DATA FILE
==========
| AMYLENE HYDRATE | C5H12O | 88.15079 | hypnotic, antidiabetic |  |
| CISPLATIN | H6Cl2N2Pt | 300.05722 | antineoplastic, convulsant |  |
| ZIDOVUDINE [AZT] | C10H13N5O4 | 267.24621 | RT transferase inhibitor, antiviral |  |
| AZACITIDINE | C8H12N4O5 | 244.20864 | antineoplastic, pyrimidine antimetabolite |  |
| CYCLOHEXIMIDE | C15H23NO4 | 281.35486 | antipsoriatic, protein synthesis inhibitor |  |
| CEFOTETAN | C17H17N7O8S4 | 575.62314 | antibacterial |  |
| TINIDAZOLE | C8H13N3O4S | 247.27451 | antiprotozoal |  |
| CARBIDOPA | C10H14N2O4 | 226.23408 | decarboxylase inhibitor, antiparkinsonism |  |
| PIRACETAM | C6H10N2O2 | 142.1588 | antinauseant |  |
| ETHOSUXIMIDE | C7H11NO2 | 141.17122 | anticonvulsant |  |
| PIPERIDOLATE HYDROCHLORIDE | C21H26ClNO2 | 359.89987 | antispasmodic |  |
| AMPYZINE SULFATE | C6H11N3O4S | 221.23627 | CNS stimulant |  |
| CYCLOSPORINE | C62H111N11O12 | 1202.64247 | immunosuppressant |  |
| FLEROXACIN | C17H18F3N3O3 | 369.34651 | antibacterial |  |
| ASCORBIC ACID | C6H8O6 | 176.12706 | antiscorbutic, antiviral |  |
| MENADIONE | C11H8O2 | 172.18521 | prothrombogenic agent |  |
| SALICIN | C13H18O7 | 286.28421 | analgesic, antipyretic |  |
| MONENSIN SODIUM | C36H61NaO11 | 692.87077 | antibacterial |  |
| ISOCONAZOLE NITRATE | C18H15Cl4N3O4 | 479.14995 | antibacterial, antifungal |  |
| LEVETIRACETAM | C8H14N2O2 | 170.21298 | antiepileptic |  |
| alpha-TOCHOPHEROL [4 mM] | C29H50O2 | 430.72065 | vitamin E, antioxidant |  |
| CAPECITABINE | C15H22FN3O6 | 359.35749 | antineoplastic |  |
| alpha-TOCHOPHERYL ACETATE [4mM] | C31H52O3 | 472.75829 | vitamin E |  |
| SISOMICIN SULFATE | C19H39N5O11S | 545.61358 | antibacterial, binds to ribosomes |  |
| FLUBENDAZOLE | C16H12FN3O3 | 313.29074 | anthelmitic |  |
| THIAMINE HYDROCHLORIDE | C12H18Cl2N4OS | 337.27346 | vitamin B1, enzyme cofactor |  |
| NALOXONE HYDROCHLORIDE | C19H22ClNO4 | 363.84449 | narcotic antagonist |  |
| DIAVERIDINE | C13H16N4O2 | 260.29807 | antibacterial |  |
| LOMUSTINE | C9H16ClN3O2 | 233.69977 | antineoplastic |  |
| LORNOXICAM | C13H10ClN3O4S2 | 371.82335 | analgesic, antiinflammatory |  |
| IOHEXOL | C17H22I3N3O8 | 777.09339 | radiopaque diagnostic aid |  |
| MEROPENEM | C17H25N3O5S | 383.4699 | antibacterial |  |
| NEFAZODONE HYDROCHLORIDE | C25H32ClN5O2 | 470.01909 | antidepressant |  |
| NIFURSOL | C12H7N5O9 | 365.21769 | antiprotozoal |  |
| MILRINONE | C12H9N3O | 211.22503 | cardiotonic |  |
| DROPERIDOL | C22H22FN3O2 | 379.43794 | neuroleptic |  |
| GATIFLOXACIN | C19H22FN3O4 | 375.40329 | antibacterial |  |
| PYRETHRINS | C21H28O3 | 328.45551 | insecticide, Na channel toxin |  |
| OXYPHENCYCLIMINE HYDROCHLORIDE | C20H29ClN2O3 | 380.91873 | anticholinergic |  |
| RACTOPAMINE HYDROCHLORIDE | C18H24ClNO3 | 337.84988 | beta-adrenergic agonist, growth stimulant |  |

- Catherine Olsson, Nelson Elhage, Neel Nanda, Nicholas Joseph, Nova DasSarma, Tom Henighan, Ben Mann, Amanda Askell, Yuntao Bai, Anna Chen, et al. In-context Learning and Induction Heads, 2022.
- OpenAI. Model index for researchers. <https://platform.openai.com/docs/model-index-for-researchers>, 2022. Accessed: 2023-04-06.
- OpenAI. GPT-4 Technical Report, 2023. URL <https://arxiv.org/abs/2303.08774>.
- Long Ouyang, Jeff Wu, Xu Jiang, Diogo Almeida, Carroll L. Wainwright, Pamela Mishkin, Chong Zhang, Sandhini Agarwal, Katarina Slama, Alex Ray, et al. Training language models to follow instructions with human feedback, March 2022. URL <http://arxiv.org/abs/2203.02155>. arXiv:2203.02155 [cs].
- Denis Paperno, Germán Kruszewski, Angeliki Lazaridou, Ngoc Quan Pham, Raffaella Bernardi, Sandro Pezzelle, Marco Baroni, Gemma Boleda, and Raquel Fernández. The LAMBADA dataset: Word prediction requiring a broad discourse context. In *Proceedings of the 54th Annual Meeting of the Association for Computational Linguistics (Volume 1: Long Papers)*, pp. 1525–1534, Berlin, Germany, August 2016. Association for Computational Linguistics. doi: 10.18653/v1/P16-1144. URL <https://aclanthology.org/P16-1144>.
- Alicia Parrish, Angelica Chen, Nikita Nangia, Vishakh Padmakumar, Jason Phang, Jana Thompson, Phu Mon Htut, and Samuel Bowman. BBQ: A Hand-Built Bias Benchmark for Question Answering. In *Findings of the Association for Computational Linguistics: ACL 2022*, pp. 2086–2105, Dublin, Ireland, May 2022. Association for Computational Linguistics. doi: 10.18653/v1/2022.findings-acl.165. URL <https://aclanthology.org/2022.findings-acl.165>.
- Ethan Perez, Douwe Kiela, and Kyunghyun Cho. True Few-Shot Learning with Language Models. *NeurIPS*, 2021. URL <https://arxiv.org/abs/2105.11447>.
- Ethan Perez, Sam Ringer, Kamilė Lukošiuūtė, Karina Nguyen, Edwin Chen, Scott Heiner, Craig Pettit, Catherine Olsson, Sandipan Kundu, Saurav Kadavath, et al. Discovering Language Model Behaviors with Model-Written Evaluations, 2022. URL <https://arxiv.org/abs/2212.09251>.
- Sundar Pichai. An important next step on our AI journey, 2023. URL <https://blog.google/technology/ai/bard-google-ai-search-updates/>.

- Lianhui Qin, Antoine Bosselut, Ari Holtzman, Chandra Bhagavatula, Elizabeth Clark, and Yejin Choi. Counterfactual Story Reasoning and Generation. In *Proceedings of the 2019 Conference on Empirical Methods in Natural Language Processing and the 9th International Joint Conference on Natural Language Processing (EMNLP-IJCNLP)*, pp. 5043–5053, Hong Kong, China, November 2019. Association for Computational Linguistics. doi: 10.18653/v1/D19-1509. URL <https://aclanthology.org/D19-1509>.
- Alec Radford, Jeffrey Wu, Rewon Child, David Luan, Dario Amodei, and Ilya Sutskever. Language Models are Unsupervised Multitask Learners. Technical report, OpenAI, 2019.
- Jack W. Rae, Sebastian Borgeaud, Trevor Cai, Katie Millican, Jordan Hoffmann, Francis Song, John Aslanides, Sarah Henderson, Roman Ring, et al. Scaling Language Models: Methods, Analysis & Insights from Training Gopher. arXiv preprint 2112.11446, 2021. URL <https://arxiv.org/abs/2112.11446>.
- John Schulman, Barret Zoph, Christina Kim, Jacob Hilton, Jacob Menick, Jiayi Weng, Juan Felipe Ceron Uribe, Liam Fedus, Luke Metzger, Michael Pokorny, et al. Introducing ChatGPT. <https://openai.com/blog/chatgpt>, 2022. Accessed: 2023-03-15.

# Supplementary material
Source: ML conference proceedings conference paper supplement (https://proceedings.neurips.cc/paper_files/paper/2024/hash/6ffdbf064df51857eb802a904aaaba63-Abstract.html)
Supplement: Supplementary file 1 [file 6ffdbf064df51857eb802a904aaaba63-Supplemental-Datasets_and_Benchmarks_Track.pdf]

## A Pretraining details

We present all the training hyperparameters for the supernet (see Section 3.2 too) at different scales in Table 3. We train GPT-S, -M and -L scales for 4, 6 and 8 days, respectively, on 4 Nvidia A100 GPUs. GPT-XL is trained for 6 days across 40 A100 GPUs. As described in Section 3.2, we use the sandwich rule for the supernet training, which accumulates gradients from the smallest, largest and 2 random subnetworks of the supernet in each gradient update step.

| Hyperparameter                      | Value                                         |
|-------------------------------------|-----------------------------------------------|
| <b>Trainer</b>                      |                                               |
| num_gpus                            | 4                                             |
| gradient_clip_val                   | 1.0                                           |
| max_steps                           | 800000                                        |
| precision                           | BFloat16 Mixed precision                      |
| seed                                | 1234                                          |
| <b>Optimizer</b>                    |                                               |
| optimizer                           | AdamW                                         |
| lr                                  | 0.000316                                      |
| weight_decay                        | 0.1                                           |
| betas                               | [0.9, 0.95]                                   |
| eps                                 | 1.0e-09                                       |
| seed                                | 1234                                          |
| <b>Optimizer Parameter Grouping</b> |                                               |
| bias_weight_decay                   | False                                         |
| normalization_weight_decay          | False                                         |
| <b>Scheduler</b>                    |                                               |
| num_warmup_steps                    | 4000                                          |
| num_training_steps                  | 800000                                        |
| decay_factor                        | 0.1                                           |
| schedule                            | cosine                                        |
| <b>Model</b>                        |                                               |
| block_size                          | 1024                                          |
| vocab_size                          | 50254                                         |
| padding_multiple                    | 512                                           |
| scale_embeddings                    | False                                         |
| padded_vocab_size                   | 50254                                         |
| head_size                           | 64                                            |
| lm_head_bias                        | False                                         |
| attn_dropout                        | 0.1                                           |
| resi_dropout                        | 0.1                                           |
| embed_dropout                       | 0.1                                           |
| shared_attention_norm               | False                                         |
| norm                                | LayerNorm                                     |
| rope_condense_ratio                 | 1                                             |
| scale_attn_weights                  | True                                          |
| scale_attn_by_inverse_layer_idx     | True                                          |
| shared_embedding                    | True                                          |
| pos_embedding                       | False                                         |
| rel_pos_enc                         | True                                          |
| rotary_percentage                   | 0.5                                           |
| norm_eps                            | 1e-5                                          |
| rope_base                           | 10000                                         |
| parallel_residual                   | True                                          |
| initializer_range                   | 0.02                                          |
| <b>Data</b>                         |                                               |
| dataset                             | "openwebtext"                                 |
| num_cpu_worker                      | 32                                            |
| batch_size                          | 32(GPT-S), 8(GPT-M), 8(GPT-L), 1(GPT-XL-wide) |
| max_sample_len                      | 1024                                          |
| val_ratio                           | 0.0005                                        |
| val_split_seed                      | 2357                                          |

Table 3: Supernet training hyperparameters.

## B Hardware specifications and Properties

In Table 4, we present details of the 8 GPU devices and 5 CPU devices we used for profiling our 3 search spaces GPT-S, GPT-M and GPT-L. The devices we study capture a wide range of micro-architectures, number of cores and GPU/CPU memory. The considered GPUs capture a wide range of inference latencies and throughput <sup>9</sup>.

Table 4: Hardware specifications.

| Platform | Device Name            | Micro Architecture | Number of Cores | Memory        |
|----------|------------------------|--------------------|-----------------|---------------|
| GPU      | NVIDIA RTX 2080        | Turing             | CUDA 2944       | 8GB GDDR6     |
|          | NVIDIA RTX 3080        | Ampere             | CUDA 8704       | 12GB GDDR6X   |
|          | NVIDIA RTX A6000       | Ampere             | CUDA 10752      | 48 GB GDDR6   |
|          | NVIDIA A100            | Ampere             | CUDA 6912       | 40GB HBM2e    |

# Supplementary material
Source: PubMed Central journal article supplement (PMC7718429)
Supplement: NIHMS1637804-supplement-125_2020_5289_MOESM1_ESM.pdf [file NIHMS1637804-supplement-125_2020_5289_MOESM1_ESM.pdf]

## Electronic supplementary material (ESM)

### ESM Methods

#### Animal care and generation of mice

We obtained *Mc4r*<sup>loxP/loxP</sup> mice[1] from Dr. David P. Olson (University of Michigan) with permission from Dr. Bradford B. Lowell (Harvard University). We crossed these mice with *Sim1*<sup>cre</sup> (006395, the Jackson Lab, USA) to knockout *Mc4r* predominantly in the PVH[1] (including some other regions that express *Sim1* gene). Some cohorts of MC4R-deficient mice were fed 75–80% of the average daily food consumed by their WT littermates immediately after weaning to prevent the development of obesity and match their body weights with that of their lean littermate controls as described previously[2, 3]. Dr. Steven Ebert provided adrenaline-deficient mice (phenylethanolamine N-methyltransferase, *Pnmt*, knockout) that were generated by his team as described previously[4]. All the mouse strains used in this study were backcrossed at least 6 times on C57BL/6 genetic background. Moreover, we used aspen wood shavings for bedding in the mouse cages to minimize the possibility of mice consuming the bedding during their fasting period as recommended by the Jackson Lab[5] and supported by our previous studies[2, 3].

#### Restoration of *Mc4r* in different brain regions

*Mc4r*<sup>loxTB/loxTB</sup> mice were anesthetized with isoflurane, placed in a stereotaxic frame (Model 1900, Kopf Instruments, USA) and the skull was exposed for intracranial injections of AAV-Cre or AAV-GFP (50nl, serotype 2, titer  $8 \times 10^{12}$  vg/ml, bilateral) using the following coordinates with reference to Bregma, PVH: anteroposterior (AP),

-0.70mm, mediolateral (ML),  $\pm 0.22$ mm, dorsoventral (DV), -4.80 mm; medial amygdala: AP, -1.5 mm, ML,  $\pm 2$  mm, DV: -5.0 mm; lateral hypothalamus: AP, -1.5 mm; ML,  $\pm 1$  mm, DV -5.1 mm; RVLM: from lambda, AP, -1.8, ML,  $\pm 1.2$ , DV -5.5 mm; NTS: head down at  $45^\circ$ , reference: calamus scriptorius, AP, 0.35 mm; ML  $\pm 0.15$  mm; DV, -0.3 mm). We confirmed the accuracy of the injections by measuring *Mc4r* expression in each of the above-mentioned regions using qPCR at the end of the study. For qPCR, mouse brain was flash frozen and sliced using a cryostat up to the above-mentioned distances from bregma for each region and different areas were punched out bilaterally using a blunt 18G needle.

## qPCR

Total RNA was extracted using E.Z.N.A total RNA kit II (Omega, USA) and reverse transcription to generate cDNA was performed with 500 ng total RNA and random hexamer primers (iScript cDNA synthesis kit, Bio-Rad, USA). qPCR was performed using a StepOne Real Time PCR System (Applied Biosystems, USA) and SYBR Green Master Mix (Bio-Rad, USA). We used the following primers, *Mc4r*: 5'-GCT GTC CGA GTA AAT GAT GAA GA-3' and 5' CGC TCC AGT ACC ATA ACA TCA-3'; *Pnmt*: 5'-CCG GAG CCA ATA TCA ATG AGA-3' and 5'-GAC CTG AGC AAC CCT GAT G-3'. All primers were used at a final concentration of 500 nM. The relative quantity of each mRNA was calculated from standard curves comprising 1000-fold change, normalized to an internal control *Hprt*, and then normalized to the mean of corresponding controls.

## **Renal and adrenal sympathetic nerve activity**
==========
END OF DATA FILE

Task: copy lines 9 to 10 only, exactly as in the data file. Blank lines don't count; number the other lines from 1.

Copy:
| PIRACETAM | C6H10N2O2 | 142.1588 | antinauseant |  |
| ETHOSUXIMIDE | C7H11NO2 | 141.17122 | anticonvulsant |  |